Actually, the timing was a littlebit fortuitous. We just had our emerging manager conference in Albany. Wealways have it in mid-February, so that's an annual event. We had about 800people who came to our events, but that answer is how do they find us. If youwant to find us, we hold a really big event every year, and obviously, that'sthe best way to meet the staff and our partners. We walk all the asset classesthrough how we structure the emerging manager program, who the program partnersare, how it works, what we look for. So that's one way, but there are ways tofind us other times of the year as well. First of all, this controller is verypassionate about transparency. So that means a lot of the information isavailable on our website. Our website has our annual report, it has ourholdings, it has the asset classes that we have. There's even a listing of allof our fund investments, so someone can get an idea of size from there. Andthen on the emerging manager front, I have a team of people that's dedicatedjust to emerging managers and they work with relevant asset classes.
Simon Brewer 21:49
Got it. Now, we are perhaps inthis changing investment climate.You've talked about size being a realisticchallenge to move your asset allocation substantially. How have you gone aboutthinking about what might be a changing investment climate and what are youdoing in response to that?
Anastasia Titarchuk 22:09
Size is definitely a challenge. Ialways tell the people that I don't think a public fund like ours, of our size,can be nimble. So it's very hard to turn the ship around. It's sort of like asupertanker. So market timing doesn't really work for us. We don't have theskills internally to make macro calls, and we're slow. So even if I had a bitof a macro edge, you have to be right twice. You have to be right in both yourbuy and the sell decision. So we tend not to really do it. Where we do it is wedo it on the margins. Now, as we've just talked about, we might look toincrementally increase our real estate or real assets allocation within ourconstraints. We will look to adjust our allocations within an asset class. Sofor example, what that means for me right now is in private assets, there'sless capital available this year and a lot of it has to do with the fact thatpublic assets have sold off. So a lot of people suddenly have alternative allocationsthat look much bigger than the plan. So fundraising environment for even thebest funds is more difficult. So that puts somebody like New York Common into abetter position to negotiate, to get access, to co-invest, etc. And we mightlook at strategies that we wouldn't otherwise consider because maybe theywouldn't be open to us or our size, but we might consider them now because ofthat.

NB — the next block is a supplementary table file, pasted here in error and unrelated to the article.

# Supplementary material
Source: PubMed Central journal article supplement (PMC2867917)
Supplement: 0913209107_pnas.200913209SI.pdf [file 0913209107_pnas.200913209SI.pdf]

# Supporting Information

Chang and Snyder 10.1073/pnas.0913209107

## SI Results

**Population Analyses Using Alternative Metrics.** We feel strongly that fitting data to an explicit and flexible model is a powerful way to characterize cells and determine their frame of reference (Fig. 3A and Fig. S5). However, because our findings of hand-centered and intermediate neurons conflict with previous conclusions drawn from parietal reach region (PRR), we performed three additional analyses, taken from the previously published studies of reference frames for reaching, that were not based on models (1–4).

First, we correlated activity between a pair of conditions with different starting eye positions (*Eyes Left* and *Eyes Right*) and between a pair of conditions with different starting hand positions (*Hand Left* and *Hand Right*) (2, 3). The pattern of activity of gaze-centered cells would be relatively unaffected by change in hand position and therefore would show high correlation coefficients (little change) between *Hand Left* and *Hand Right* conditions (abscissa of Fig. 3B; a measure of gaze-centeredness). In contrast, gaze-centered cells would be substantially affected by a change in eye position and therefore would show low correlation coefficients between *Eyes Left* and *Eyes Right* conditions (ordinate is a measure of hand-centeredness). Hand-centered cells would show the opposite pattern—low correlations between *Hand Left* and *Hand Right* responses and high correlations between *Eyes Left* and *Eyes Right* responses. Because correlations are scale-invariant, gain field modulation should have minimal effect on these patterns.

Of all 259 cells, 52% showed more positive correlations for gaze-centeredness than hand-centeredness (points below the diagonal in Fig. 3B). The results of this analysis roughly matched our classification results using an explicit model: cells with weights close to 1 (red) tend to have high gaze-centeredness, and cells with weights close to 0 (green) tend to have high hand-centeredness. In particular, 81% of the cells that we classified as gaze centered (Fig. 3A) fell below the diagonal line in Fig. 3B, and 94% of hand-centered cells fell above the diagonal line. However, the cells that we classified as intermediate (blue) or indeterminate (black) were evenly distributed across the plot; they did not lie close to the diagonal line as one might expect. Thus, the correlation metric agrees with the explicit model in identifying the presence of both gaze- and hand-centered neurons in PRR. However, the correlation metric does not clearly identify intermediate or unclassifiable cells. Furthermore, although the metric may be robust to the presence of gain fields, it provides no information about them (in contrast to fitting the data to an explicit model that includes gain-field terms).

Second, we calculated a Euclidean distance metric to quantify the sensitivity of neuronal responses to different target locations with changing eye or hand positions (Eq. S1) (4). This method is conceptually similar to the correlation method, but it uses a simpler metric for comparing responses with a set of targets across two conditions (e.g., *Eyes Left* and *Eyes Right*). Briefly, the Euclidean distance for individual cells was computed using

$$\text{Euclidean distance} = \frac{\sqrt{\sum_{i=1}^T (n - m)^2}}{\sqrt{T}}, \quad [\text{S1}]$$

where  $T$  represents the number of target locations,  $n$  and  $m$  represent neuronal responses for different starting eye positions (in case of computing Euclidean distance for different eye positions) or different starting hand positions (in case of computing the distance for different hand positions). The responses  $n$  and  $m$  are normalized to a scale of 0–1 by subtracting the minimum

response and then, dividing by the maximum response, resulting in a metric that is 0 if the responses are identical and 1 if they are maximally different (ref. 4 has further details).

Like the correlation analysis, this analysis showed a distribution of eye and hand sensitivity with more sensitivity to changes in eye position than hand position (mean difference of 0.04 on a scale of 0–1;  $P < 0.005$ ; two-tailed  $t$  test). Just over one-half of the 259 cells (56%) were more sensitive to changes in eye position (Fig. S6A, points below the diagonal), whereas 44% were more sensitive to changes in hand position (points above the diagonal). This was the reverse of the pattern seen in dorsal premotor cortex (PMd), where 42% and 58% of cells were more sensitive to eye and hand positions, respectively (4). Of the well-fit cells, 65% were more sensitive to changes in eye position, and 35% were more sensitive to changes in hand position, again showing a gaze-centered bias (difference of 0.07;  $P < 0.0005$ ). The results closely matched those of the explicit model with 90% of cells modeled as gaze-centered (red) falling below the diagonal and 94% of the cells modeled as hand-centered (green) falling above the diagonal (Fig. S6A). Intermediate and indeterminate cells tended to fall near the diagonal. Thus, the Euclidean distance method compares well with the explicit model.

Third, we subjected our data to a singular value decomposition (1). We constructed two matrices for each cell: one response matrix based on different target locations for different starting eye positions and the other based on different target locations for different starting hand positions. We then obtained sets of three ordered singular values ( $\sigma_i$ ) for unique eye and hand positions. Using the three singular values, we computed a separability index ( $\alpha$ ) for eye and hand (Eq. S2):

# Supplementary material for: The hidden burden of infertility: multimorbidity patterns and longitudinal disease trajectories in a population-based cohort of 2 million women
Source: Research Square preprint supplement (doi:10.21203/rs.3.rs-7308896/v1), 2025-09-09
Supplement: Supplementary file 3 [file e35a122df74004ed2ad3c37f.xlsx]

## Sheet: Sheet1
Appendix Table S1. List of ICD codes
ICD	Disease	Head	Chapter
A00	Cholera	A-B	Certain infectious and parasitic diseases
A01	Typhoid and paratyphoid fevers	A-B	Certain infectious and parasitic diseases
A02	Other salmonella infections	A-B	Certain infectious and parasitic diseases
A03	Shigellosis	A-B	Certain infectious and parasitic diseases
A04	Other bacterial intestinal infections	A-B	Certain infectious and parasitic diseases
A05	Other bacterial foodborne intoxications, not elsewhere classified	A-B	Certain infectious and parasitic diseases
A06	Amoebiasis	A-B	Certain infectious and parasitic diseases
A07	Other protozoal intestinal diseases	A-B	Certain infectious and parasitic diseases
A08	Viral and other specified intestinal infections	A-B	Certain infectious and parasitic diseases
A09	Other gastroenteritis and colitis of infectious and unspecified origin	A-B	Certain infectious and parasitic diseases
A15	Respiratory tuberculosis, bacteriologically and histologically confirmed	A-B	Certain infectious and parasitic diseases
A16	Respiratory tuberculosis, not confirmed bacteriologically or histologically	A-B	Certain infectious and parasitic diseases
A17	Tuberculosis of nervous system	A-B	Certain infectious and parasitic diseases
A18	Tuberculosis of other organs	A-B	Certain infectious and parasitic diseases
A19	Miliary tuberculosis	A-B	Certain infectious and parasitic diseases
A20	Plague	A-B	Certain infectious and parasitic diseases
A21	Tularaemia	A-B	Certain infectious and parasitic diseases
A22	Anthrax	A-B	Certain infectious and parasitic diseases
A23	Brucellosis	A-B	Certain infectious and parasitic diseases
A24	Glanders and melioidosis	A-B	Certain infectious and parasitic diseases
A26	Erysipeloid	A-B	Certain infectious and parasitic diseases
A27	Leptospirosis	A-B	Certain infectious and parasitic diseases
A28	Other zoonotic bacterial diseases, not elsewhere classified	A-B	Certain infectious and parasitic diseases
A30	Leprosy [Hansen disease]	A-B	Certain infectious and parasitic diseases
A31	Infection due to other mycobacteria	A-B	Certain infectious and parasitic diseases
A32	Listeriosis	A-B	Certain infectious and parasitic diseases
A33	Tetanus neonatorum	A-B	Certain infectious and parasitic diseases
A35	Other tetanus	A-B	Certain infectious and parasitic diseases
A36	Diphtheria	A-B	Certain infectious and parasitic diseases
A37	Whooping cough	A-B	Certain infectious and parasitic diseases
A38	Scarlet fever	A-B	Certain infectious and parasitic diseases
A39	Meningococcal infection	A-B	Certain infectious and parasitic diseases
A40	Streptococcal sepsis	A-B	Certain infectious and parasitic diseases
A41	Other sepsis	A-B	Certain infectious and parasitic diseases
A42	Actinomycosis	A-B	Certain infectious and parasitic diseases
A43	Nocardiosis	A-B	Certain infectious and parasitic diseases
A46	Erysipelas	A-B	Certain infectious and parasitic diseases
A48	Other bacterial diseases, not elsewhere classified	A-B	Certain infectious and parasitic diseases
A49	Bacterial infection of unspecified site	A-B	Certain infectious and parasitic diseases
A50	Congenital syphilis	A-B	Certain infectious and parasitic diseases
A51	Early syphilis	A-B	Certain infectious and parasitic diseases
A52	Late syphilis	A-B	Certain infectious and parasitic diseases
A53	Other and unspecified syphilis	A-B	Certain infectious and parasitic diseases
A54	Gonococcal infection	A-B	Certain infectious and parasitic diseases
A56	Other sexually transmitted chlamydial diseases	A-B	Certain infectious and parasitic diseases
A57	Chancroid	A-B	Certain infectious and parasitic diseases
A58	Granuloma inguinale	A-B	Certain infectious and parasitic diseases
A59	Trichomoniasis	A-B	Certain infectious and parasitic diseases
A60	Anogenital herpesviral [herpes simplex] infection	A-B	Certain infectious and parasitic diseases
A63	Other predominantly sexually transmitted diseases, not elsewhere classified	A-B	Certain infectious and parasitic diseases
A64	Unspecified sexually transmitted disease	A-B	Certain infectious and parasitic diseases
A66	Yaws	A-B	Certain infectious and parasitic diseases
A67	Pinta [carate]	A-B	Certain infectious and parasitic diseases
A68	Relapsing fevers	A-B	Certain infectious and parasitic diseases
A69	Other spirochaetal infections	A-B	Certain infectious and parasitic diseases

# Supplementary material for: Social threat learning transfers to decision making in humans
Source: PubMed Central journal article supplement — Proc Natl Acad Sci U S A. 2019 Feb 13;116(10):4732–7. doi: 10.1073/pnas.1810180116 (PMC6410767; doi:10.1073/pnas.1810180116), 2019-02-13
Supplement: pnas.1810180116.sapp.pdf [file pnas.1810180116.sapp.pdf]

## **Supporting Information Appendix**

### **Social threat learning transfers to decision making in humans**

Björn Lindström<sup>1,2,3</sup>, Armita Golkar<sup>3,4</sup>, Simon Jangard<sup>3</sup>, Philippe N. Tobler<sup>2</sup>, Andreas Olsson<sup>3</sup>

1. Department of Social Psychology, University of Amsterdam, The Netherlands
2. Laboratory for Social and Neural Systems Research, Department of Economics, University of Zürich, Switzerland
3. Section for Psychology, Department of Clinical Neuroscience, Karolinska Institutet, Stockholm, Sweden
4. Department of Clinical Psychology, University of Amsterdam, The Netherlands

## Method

Simon Brewer 23:45
So I'd like to turn to a questionraised by Luba Nikulina, who we both know. She kindly introduced us to you andshe was a guest when she was atWillis Towers Watson. She's now at IFMInvestors, an Australian organization that's actually owned by 17 world'sleading pension funds doing some very interesting work.
Anastasia Titarchuk 24:03
That's right. And we know them.
Simon Brewer 24:04
Great. So she raised the questionof ESG, because we've had this recent, I suppose, we use the word spat wherethe Department of Labor unveiled this rule in the US that allowed retirementmanagers to consider ESG factors and then President Biden has been pushing forinclusion. There's been some pushback on this. So what's your take on the worldof ESG and how you want to interpret and incorporate it?
Anastasia Titarchuk 24:30
So I think ESG has become verypoliticised, and that's not a debate that I want to venture into because that'snot my area of expertise. I want to invest, not create political waves. But theway the fund has approachedESG is to say look, ESG is important and you shouldevaluate ESG factors when they're relevant. So our approach is not to say thateveryone has to evaluate themselves on every single ESG factor. But the way Iwould describe it is, look, if there are two companies that essentially havethe same revenue, they have the same business model, and one company is dirtierthan the other, well, which one would you pick if they're identicalinvestments? So that's where it matters. And it matters. Maybe it's notrelevant to you because your jurisdiction doesn't care right now, but it mightbecause it's getting a lot of attention. So that's how we approach it. And thenwe do think that there's a lot of greenwashing in funds that claim to invest onESG principles, and we're not even sure what that quote means, that perhapscharge higher fees that are not justifiable by returns. And I think that is oneof the reasons that a lot of regulators here in the States and in Europe arepaying attention to the proliferation of these funds.
Simon Brewer 25:59